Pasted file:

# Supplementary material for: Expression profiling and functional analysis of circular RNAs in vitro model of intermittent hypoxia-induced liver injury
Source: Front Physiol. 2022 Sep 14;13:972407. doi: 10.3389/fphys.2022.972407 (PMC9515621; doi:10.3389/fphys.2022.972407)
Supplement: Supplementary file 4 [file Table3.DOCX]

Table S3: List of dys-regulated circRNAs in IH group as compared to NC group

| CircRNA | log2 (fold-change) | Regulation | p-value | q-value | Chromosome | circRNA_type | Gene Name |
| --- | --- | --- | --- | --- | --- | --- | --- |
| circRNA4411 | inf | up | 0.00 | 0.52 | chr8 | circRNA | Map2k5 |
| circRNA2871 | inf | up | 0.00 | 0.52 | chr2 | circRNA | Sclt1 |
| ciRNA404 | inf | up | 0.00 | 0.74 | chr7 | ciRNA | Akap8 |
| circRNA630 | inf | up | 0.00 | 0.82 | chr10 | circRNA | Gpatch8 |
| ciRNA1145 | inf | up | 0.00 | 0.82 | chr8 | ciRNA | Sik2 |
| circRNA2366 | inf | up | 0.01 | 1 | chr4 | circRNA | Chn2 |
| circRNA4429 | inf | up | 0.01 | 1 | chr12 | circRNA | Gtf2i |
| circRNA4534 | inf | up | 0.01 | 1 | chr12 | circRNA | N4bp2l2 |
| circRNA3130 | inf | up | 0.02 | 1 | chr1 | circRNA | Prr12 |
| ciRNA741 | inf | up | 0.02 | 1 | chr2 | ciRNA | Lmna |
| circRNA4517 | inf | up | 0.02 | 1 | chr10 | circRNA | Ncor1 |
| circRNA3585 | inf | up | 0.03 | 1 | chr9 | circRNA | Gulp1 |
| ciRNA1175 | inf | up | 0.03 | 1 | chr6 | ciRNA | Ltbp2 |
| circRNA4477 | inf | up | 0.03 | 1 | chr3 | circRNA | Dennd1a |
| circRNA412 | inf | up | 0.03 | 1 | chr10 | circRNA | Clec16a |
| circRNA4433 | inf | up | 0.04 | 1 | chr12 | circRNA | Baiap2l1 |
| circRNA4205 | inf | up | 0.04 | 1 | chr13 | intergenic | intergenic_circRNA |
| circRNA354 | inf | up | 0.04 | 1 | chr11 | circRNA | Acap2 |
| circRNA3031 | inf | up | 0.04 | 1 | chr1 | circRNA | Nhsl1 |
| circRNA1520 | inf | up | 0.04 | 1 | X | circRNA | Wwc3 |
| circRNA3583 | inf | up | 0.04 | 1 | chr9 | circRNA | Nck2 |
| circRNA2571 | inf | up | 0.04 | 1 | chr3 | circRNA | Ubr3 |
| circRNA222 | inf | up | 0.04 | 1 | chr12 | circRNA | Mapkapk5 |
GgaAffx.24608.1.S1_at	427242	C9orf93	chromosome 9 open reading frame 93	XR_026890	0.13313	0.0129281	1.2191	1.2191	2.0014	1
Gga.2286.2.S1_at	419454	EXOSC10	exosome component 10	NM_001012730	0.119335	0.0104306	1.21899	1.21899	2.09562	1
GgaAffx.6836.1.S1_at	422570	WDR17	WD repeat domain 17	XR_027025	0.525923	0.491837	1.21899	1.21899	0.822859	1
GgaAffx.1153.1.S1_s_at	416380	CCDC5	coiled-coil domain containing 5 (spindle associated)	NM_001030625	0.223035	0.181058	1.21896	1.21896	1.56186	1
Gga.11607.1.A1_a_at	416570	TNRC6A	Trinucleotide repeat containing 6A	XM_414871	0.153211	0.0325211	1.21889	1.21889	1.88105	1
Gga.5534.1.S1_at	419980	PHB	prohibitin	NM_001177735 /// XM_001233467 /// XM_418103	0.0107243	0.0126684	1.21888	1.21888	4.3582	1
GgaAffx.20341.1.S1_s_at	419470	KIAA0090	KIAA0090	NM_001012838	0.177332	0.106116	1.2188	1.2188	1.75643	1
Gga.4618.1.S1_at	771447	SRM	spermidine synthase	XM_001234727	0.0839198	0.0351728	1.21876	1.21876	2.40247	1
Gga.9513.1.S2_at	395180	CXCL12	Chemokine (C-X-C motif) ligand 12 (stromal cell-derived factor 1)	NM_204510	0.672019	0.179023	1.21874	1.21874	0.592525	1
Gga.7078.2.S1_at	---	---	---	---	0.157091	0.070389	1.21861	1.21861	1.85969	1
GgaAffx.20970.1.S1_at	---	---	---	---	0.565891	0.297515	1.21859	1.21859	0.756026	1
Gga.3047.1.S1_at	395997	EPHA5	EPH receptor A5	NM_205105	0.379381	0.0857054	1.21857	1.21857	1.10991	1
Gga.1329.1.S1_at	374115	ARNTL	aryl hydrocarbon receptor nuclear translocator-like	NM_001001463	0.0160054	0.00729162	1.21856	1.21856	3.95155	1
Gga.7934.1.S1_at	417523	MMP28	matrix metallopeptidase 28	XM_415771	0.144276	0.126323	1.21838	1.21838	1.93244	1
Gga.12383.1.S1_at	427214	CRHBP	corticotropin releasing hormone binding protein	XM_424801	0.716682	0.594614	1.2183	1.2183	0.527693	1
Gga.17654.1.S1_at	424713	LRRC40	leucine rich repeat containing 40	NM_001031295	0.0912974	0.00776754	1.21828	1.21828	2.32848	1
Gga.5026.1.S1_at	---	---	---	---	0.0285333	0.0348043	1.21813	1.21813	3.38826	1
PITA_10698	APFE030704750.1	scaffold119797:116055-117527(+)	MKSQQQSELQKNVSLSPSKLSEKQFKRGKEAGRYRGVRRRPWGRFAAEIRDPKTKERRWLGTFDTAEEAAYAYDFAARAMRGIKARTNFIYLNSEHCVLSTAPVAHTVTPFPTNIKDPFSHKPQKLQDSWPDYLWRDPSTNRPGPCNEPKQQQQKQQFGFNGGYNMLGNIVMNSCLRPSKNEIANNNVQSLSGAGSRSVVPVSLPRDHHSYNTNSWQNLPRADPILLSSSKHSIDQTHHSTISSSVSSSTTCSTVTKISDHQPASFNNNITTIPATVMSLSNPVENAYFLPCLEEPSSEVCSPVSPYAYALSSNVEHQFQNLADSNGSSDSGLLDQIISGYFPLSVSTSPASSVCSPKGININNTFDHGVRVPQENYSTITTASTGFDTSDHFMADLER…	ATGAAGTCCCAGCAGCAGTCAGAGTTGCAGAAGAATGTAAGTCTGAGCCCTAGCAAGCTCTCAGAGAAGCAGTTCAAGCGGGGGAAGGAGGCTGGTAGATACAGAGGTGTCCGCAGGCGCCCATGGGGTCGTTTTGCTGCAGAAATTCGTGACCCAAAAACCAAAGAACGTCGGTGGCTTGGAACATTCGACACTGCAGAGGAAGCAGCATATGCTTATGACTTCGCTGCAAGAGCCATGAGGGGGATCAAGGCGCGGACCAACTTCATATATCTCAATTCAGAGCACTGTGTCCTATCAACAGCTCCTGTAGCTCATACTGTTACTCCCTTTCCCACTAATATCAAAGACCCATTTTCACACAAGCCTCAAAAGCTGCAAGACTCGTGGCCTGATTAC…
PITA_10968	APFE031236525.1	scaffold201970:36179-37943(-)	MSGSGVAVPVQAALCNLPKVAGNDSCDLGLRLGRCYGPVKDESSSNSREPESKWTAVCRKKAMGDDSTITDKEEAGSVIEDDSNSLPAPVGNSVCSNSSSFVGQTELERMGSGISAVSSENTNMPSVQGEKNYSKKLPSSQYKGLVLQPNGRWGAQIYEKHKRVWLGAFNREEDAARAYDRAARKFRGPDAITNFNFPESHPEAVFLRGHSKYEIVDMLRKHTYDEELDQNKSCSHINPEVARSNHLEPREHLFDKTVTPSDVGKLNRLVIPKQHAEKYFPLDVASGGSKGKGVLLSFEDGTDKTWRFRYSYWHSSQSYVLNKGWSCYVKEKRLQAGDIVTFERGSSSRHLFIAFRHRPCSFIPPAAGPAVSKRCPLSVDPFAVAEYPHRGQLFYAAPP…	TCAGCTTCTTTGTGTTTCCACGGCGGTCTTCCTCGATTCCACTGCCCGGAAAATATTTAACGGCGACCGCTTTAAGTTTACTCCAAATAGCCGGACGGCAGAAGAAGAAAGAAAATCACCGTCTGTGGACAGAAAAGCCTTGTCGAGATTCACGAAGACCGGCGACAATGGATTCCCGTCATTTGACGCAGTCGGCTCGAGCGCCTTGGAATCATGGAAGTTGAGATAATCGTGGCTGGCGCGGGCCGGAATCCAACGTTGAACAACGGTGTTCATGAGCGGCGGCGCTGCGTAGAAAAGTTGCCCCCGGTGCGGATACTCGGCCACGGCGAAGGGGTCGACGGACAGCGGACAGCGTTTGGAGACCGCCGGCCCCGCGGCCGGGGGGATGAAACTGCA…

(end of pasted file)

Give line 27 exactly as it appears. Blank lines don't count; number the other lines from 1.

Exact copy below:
| circRNA3583 | inf | up | 0.04 | 1 | chr9 | circRNA | Nck2 |